and sipping free chardonnay. Man pauses, looking admiringly at a distinctive
piece of artwork. ARTIST approaches him.

Man: Are you the artist?

Artist: Yes. Well, one of them.

Man: I love your work.

Artist: Thanks.

Man: So, tell me about this one?

Artist: I call it, “Piece of Wood with Three Nails.”

Man: Interesting. Tell me about your process here.

Artist: I hammered three nails into a board. I used to hammer them in the middle, but sometimes they wouldn’t stay in so I started hammering them into the end and they sticked so now I hammer them into the end.

Man: And what are you trying to say with this piece?

Artist: Charlie Axelbaum hammered four nails into his board but two fell out.

Man: Have you thought about how you’d like to see it displayed? Is it an interactive piece? Does it
belong on a wall? Is it more of a sculpture?

Artist: Don’t put it in my backpack because it might poke holes in my papers.

Man: Okay. Now, what about this one over here? I see you’ve used both construction paper and pipe cleaners? Do you like to work with mixed media?

Artist: It’s the sacred flute of Ninjago.

Man: I see.

Artist: Here. Watch me blow it.

Artist makes hummy whistling noise while moving his lips back and forth along
the pipe cleaners.

Man: Beautiful. May I try it?

Artist: No.

Man: I’m sorry. Is it just for display?

Artist: No. It’s just for Ninjagos.

Man: I’m sorry. I didn’t mean to presume.

Artist: Sensei Wu used it to cure Cole of SkalesHypnobrai Hypnotism while the ninja, who were 
brainwashed, fought over Lloyd's Treehouse Fortress.

Man: It makes quite a statement.

                Artist gestures at another work.

Artist: Look at this one.

Man: Is it a peace sign?

Artist: Yeah.

Man: I love it.

Artist: I cut it out with kid scissors but I got tired of coloring it. That’s why it’s only colored in at the bottom.

Man: It seems like you’re trying to say that peace is something that we never stop working on.

Artist: No. I just stopped. Also my pen was kind of drying out. But mostly I just got bored.

Man: Are you working on anything new?

Artist: Yes.

Man: Can you tell me about it?

Artist: No.

Man: You prefer to keep your work private until it’s ready to be shown?

Artist: Do you have a cheese stick?

Man: I might. Let me check.

Artist: I made something with toothpicks, but the glue wasn’t dry yet.

Man: Sounds interesting. Maybe I can see it tomorrow?

Artist: Maybe.

Man: I’d be honored.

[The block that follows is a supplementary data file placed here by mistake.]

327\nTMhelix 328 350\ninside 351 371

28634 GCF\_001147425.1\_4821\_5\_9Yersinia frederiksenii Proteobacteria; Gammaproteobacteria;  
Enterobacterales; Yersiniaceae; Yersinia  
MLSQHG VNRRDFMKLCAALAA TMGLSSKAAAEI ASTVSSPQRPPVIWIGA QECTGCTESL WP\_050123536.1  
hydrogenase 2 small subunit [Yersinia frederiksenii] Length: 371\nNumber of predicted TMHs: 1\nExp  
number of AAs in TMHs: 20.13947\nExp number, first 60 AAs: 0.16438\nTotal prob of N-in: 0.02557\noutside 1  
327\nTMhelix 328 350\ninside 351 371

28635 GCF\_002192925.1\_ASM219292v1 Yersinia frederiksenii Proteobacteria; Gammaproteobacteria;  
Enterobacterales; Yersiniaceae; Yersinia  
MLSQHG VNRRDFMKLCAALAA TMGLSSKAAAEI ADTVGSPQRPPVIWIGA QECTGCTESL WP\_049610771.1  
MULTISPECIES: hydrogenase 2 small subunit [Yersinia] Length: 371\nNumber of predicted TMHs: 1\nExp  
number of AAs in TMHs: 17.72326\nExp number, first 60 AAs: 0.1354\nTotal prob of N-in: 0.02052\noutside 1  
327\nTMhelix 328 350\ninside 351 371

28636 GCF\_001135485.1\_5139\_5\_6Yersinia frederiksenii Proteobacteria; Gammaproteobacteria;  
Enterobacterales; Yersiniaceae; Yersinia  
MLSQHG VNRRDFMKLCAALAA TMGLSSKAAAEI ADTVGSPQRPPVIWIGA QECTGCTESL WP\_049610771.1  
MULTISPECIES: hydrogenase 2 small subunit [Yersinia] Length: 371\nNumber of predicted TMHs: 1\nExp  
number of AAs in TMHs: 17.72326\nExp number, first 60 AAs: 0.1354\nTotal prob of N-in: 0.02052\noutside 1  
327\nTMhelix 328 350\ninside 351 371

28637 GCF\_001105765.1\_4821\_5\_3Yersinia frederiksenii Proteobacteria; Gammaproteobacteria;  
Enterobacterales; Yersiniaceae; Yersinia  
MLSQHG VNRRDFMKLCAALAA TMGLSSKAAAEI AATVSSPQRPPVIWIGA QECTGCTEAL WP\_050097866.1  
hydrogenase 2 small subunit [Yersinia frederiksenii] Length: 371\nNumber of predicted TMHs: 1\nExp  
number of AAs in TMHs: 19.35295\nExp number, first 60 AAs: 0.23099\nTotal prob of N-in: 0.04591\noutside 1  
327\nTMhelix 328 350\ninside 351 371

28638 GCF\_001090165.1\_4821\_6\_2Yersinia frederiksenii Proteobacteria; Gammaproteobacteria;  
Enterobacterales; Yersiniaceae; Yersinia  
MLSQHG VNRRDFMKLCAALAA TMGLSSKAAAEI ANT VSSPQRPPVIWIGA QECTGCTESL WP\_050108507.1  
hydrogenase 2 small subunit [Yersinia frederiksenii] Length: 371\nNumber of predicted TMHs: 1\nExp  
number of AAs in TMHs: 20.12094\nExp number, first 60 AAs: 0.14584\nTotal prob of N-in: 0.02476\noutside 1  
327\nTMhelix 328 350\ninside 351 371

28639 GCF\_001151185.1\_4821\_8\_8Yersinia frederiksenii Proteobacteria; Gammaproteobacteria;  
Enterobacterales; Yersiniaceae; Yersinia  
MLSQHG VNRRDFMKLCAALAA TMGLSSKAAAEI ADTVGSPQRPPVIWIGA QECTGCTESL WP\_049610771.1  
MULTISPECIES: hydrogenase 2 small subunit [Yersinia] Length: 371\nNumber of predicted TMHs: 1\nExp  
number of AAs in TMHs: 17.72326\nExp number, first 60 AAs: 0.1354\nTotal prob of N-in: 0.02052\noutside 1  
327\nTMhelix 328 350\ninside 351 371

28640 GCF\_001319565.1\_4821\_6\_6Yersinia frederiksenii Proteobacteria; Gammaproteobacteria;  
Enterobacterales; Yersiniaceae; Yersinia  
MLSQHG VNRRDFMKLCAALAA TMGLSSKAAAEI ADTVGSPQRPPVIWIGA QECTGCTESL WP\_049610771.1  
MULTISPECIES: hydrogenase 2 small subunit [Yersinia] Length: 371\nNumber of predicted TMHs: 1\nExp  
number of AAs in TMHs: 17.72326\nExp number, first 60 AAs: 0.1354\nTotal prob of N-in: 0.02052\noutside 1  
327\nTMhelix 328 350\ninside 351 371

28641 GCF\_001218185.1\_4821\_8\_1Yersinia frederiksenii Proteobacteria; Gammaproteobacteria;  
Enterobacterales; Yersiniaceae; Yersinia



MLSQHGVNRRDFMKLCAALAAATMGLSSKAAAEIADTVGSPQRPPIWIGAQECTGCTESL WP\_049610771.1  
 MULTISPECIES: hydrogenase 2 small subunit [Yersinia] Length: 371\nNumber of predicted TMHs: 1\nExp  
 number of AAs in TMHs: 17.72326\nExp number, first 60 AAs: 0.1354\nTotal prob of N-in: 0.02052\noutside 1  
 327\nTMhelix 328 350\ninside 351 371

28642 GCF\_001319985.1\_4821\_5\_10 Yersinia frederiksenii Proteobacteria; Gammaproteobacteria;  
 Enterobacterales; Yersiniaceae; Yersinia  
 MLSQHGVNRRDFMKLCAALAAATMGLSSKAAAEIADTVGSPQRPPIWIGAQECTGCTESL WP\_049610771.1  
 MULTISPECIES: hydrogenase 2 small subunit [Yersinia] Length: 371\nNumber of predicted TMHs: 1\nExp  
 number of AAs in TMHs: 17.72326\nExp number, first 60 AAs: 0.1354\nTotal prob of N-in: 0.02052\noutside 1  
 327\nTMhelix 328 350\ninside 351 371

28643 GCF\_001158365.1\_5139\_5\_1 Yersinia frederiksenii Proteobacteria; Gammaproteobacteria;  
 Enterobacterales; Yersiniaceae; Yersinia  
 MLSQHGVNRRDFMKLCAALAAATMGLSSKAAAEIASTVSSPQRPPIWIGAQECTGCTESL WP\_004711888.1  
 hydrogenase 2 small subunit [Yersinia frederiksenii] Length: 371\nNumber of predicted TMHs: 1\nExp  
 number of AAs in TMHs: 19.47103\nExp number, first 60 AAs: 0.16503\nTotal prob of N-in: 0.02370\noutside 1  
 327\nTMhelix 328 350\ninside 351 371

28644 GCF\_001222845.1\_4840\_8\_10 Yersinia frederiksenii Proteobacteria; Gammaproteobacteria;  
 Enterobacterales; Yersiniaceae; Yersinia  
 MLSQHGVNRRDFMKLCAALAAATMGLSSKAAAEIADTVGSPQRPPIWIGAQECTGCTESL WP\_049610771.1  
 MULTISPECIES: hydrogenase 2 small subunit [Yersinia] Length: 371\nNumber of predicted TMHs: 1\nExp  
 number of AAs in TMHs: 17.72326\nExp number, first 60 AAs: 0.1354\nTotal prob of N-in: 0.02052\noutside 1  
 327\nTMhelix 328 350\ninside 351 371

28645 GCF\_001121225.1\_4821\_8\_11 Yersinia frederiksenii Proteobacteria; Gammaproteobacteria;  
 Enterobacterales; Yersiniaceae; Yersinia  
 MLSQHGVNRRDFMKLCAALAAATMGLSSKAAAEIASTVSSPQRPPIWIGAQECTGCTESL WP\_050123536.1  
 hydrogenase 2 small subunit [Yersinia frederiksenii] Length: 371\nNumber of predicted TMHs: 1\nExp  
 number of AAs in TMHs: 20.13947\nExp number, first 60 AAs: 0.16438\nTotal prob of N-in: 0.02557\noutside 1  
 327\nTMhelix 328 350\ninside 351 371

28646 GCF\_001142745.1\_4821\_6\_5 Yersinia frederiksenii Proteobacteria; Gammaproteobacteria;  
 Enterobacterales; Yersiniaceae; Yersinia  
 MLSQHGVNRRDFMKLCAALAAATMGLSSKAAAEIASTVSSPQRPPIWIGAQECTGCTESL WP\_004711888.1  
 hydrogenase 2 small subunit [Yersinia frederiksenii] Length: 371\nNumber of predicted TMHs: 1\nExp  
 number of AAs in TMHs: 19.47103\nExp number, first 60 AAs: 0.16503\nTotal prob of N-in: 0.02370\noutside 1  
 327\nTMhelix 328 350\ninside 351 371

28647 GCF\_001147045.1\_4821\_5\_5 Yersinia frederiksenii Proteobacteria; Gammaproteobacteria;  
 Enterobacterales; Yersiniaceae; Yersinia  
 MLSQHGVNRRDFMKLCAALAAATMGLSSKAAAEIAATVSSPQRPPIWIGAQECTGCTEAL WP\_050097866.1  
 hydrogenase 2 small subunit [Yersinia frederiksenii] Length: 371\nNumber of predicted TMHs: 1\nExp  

Artist: Me, too.

Saturday, March 9, 2013

Jet Skiing Without A Hat

Notes from today's WALK (South Florida edition)...

“Do you think you should be wearing a hat?” I call to my daughter behind me.

“I don’t wear hats when I ride jet skis, dad!”

Of course she doesn’t.

My daughter shouts these words from the back of a personal water craft, skimming across the waves in the Atlantic Ocean, somewhere south of Fort Lauderdale. She has never been on a jet ski before. This fact doesn’t stop her from making permanent proclamations about her jet skiing habits, like a Republican disavowing tax increases.

Sea spray splashes my face as she urges me to go faster. She gleefully barks orders as if she was born on one of these things.  Her initial fear has given way to enthusiasm. I cannot say the same. My hand is cramping on the throttle as I try to hold a speed that balances thrills with safety. But I am putting on a brave face for her sake. After all, what thrill-seeking eight year-old wants to think her father is scared?

“Having fun?” I call over my shoulder.

“Of course.”

The implication being, I always have fun on jet skis.

I don’t think she is unique in this way, but she does seem to have an unusually strong desire to own her experiences. And the easiest way to do this is to claim to have had them before.

She is not lying, by any strict definition. Indeed, she does not wear hats on jet skis. Just as I do not wear clogs on cruise ships. But that isn’t the point; not hers anyway.

She is letting me know that her inexperience does not invalidate her feelings. Her ideas are good ideas in spite of being brand new ones.

It makes sense, in way. As a child (especially my child), one is constantly being talked down to. Not in the traditional pedantic sense of platitudes and baby talk. But in the more subtle way in which adults presume that their idea or emotion trumps a child’s because it is based on extensive experience. Let me tell you how you’re feeling. Trust me. I’ve been there before. It’s no wonder that an intelligent child might try to stake her claim or, as they say in sports, act like she’s been there before.

Nevertheless, I don’t remember feeling this way. At least, not to this extent. And certainly not this early. I was too busy trying to please people. In my eight year-old mind, pleasing people meant knowing my place, acting my age, and meeting expectations.

Now, as a parent, of course, I want my daughter to have more confidence than I did. I want her to be better than I was, which obliquely involves standing up for herself and embracing her identity while still being penitent, observant, and respectful when appropriate. Seems simple enough?

So my daughter’s simultaneously irritating and entertaining habit of extrapolating a lifetime of significance from a single experience should come as no surprise. She is responding to my bizarre brand of parenting; one that involves crashing recklessly through waves with your eight year-old daughter on a waterborne snowmobile, yet having the presence of mind to worry about whether she is getting too much sun on her face.